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John Gergen of Phoenix, Az., with 57.5-inch, 54-pound muskie he caught recently on Lake Sallie near Detroit Lakes.

, Star Tribune

The one that got away (with no official weighing)

  • July 16, 2011 - 10:26 PM

John Gergen's monster muskie seems to keep growing. The big fish, caught July 1 at Lake Sallie near Detroit Lakes, has Minnesota's fishing world abuzz.

That happens when a fish is caught that approaches the decades-old state muskie record -- a 54-pound, 56-inch whopper caught in Lake Winnibigoshish in 1957. (The record likely has been broken, perhaps numerous times, by anglers who chose to release their fish.)

The Star Tribune published a photo and account of Gergen's fish on Wednesday's Outdoors page. Gergen, 22, told me Tuesday the fish measured 57 1/2 inches and weighed 54 pounds -- tying the state record, which is based only on weight. However, the fish wasn't weighed on a certified scale and wasn't checked by Department of Natural Resources fisheries officials, as required. (The state was shut down, so that would have been impossible anyway.)

So no official record, but a huge fish and a neat tale.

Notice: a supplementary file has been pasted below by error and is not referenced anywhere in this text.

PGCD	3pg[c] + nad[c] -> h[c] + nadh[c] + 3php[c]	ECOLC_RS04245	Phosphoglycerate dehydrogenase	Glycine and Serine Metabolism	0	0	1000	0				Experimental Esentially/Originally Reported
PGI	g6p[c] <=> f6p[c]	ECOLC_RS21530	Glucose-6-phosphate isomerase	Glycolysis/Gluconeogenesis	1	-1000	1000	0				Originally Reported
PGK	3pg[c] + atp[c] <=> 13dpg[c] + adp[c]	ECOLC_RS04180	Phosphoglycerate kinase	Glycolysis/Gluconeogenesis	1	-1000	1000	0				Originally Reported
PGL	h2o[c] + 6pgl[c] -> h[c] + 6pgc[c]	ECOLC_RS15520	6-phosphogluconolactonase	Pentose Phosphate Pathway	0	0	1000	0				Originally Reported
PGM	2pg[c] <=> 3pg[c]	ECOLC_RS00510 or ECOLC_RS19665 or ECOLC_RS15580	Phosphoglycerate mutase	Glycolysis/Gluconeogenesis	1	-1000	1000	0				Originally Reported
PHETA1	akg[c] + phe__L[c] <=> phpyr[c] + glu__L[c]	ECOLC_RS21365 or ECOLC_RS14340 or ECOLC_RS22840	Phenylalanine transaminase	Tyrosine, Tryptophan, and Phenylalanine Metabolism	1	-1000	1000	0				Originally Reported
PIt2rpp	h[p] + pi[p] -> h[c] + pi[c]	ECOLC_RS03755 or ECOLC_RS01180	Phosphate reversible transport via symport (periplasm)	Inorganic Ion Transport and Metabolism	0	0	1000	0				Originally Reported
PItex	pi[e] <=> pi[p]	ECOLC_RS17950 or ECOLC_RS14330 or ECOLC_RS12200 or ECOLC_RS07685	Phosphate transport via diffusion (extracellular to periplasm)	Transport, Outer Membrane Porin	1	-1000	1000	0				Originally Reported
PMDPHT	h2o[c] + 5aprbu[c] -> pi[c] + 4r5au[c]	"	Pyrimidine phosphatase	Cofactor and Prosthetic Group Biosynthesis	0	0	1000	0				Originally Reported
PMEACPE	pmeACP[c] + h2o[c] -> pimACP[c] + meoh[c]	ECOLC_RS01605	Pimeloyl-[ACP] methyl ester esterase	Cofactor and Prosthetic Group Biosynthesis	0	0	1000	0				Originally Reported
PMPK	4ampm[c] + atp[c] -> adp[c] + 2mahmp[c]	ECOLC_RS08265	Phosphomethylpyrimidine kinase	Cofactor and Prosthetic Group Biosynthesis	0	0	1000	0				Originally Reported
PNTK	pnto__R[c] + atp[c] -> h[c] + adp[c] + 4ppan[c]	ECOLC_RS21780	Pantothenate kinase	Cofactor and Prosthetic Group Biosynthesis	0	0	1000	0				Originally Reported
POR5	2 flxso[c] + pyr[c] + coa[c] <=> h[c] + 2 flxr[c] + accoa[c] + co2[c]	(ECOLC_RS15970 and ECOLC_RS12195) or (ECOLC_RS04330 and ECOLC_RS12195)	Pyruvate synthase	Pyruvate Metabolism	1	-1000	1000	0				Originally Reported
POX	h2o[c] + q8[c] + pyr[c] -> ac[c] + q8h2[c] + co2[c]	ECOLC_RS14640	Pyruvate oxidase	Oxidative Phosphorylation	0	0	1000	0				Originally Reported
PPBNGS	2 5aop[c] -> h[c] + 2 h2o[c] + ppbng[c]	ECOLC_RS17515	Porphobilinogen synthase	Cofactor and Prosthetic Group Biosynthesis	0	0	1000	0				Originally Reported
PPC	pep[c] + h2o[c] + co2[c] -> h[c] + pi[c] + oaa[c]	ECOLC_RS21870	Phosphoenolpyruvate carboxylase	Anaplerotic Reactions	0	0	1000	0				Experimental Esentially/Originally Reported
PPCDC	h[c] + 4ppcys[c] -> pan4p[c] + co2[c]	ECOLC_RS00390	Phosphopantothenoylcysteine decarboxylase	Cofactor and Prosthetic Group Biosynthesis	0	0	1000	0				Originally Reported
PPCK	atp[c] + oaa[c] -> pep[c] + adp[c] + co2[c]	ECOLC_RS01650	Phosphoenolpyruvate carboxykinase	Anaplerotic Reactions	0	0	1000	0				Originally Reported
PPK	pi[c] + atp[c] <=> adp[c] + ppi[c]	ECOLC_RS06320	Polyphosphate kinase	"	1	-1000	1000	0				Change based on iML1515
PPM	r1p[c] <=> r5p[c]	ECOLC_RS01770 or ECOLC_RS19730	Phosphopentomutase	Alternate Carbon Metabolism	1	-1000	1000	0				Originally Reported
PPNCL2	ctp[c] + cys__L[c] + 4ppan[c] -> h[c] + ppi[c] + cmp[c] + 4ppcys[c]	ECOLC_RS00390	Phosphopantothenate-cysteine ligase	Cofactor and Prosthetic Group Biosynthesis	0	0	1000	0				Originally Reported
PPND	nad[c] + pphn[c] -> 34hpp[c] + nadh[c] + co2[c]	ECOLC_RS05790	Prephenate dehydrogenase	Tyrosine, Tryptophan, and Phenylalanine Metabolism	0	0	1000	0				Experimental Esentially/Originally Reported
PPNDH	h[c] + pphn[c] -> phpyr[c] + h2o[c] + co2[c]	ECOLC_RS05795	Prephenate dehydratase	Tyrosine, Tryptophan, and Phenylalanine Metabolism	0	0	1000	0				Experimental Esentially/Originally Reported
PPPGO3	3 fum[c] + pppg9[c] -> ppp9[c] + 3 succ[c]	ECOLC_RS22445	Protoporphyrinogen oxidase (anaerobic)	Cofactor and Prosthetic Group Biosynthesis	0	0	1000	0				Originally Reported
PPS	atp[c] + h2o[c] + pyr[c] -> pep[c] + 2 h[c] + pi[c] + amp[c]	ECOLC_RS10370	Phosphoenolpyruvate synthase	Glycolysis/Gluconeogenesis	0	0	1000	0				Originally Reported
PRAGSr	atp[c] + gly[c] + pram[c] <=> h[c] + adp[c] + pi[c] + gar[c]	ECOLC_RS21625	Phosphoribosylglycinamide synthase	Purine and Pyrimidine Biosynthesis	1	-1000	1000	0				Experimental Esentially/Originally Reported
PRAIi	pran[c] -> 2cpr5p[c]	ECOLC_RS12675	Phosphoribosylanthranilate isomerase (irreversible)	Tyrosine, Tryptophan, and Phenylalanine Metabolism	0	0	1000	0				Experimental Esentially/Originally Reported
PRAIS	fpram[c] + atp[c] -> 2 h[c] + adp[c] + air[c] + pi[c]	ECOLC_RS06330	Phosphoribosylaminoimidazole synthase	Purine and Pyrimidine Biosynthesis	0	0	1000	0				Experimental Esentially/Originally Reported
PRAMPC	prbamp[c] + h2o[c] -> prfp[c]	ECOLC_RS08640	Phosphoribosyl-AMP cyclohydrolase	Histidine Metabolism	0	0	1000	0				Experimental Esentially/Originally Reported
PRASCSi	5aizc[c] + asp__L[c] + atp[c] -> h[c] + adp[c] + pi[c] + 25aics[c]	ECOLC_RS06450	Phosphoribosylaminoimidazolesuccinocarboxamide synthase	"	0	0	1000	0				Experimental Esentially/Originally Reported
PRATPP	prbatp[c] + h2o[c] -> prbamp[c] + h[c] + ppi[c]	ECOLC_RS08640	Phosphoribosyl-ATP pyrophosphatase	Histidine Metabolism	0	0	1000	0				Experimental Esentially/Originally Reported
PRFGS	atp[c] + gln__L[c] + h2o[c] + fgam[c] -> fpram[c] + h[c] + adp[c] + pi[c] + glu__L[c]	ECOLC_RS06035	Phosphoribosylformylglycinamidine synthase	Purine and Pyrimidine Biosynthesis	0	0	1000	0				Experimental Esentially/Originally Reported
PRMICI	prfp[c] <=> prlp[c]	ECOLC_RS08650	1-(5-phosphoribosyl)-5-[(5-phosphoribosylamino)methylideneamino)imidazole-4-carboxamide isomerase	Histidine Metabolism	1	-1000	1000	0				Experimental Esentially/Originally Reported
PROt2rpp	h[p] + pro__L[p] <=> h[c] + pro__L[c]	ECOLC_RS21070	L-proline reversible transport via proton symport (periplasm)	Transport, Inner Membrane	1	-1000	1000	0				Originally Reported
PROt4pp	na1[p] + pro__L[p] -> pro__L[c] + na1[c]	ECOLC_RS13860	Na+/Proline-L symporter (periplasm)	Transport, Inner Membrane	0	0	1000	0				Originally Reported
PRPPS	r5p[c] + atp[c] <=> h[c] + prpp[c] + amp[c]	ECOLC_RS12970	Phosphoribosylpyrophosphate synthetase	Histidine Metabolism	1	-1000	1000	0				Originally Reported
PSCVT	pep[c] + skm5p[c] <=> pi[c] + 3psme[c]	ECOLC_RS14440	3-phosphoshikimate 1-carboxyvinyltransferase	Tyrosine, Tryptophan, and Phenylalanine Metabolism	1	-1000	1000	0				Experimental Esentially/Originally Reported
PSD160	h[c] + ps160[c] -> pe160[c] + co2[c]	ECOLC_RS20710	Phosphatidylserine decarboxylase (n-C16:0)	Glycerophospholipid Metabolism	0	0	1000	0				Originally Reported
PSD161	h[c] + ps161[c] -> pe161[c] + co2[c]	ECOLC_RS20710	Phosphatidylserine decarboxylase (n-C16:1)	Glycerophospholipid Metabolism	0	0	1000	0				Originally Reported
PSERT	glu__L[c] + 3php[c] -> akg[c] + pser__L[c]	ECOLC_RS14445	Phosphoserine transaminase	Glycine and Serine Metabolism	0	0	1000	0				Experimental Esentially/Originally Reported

Then on Friday the St. Paul Pioneer Press quoted Gergen saying the fish weighed "54.5 to 55 pounds" -- implying the fish had broken the state record, even though it was in pieces at a taxidermist and never would be certified. (Gergen told me he tried to revive the fish for five hours, but it died, so he was having it mounted.)

Brian Basham of the Detroit Lakes Tribune first reported the catch July 10, saying Gergen told him the fish weighed 51 to 52 pounds when it was weighed using a bathroom scale. Basham said he interviewed Gergen on July 6 -- five days after the catch.

However, on Tuesday, Gergen told me his dad gave the newspaper the wrong information, and the true weight was 54 pounds. He said he didn't recall talking to Basham.

On Friday, Basham said the 51- to 52-pound weight came from John Gergen.

"He said it was a record length, but he didn't think it was record weight, based on several weights they had taken," Basham said. "They said it was a couple pounds under the record weight."

Basham was as surprised as I was to read in the Pioneer Press the fish now weighed 54 1/2 to 55 pounds.

Reached on Friday in Phoenix, where he lives, Gergen denied telling the Pioneer Press the fish weighed that much.

"I just said 54 pounds," he said.

He said the St. Paul paper got the higher weight from his taxidermist, Leonard Sunram, owner of Leonard's Taxidermy in Detroit Lakes.

But Sunram, in a telephone interview, said he never offered anyone a definitive weight estimate. Could the muskie have tipped 54 pounds?

"I would be surprised," he said.

Either way, the monster muskie becomes another slice of Minnesota fishing lore.

"It's a whopper," Sunram said -- referring to the fish, not the tale.

Doug Smith • dsmith@startribune.com

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